This seminal work played an important part in the widespread revision and codification of the substantive criminal law of the United States. Respected and influential, it is still cited by courts. The Institute recently re-examined the Code's provisions on sentencing and sexual assault and related offenses.
On October 23, 2009, the ALI Council voted overwhelmingly, with some abstentions, to accept the resolution of the capital punishment matter as approved by the Institute’s membership at the 2009 Annual Meeting. The resolution adopted at the Annual Meeting and now accepted by the Council reads as follows: “For reasons stated in Part V of the Council’s report to the membership, the Institute withdraws Section 210.6 of the Model Penal Code in light of the current intractable institutional and structural obstacles to ensuring a minimally adequate system for administering capital punishment.” Council’s report to the membership (April 15, 2009)
Having achieved the consensus of the membership at the Annual Meeting and now of the Council, this resolution is the official position of the Institute. Efforts will be made to communicate this position wherever the Model Penal Code is published or otherwise available and to the public generally.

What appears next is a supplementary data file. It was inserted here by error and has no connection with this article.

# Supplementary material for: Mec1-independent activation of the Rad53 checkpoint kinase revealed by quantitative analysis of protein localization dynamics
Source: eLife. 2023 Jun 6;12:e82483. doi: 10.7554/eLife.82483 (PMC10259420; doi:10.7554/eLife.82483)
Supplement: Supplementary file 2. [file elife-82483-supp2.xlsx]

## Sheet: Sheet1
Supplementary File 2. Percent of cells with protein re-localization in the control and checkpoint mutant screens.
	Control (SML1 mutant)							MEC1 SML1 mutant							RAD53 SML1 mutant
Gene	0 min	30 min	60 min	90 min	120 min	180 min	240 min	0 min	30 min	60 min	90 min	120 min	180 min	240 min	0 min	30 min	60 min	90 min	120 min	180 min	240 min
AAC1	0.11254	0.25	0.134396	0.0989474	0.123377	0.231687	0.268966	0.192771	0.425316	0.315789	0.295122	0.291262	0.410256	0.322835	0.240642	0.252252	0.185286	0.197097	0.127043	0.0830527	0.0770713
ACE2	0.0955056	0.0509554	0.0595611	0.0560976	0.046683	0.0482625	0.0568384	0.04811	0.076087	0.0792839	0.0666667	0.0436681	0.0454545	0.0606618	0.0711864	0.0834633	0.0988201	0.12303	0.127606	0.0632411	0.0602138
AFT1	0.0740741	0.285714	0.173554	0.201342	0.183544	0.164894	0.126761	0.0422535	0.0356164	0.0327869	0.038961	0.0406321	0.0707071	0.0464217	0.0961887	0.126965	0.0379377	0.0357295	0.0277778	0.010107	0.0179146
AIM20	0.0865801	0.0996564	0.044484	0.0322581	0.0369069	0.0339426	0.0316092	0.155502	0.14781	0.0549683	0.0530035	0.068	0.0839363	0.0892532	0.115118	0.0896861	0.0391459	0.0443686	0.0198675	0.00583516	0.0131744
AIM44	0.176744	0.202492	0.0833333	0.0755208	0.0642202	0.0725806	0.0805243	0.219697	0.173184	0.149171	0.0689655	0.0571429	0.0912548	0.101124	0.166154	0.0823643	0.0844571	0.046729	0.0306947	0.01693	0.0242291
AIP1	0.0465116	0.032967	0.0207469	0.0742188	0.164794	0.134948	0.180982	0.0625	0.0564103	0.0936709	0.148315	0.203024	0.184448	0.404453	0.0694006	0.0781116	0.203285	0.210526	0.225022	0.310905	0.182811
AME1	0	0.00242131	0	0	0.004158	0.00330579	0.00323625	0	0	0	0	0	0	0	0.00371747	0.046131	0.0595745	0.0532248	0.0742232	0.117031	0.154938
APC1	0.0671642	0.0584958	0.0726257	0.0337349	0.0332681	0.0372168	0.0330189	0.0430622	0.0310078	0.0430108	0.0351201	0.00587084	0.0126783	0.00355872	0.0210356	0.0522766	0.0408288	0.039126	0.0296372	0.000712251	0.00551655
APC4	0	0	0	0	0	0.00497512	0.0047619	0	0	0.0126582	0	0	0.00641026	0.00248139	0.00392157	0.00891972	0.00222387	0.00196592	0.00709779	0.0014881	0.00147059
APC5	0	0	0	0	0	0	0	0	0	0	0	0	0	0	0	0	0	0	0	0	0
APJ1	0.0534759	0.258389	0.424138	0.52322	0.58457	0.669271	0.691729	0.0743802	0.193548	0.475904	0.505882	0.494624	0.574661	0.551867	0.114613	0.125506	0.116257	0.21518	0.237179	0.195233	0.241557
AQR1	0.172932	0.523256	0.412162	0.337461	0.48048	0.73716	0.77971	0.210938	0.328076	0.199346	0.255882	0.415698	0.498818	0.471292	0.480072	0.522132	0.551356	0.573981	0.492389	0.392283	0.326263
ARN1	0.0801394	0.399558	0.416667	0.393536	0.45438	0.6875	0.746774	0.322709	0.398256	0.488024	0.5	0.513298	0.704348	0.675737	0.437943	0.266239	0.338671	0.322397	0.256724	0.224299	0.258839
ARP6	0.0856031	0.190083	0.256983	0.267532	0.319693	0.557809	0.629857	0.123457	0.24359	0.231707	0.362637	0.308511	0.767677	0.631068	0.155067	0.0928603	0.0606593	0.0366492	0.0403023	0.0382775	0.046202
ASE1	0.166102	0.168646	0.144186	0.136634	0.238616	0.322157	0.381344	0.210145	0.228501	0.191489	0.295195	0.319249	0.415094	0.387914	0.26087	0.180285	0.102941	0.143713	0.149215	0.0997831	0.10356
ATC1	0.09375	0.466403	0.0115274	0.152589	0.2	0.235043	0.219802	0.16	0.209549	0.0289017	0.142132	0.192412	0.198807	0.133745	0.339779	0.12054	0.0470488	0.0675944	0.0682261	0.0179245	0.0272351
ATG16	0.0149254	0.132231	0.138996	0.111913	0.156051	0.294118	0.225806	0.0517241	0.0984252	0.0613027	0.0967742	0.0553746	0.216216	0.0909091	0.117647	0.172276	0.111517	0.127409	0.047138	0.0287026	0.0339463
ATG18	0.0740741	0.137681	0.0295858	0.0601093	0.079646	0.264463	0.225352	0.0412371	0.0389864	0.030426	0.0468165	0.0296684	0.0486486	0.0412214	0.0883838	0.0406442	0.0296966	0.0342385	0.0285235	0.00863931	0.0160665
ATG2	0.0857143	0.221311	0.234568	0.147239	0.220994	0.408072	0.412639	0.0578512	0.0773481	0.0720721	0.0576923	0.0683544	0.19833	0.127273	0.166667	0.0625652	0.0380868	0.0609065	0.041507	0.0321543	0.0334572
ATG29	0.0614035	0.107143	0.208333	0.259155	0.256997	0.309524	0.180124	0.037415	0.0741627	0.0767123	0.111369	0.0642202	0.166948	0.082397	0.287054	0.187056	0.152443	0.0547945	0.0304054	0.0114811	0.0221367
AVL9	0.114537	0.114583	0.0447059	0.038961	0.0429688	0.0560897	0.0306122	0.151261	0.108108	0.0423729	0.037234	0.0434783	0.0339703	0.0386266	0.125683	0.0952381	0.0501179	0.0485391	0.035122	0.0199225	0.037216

The American Law Institute adopted the Official Draft of the Model Penal Code at the 1962 Annual Meeting, but did not adopt the accompanying Commentaries at that time. The Official Draft is currently out of print, but is available by subscription on HeinOnline, Westlaw, and LexisNexis.
A new set of Commentaries for Part II of the Code was published in 1980 and a new set of Commentaries for Part I of the Code was published in 1985. In 1985, the Institute published a volume containing the Complete Statutory Text of the 1962 Official Draft as well as new Explanatory Notes. All of those volumes are currently out of print, but are available by subscription on HeinOnline.
Chief Reporter: Kent Greenawalt, Columbia University School of Law
MalvinaHalberstam, Cardozo School of Law, Yeshiva University (Article 1)
Peter W. Low, University of Virginia School of Law (Part II; through 1975—Articles 2, 3, 5, 6, and 7)
John Calvin Jeffries, Jr., Universtiy of Virginia School of Law (Part II)
Sanford Fox, Boston College of Law (from 1976 –Articles 6 and 7)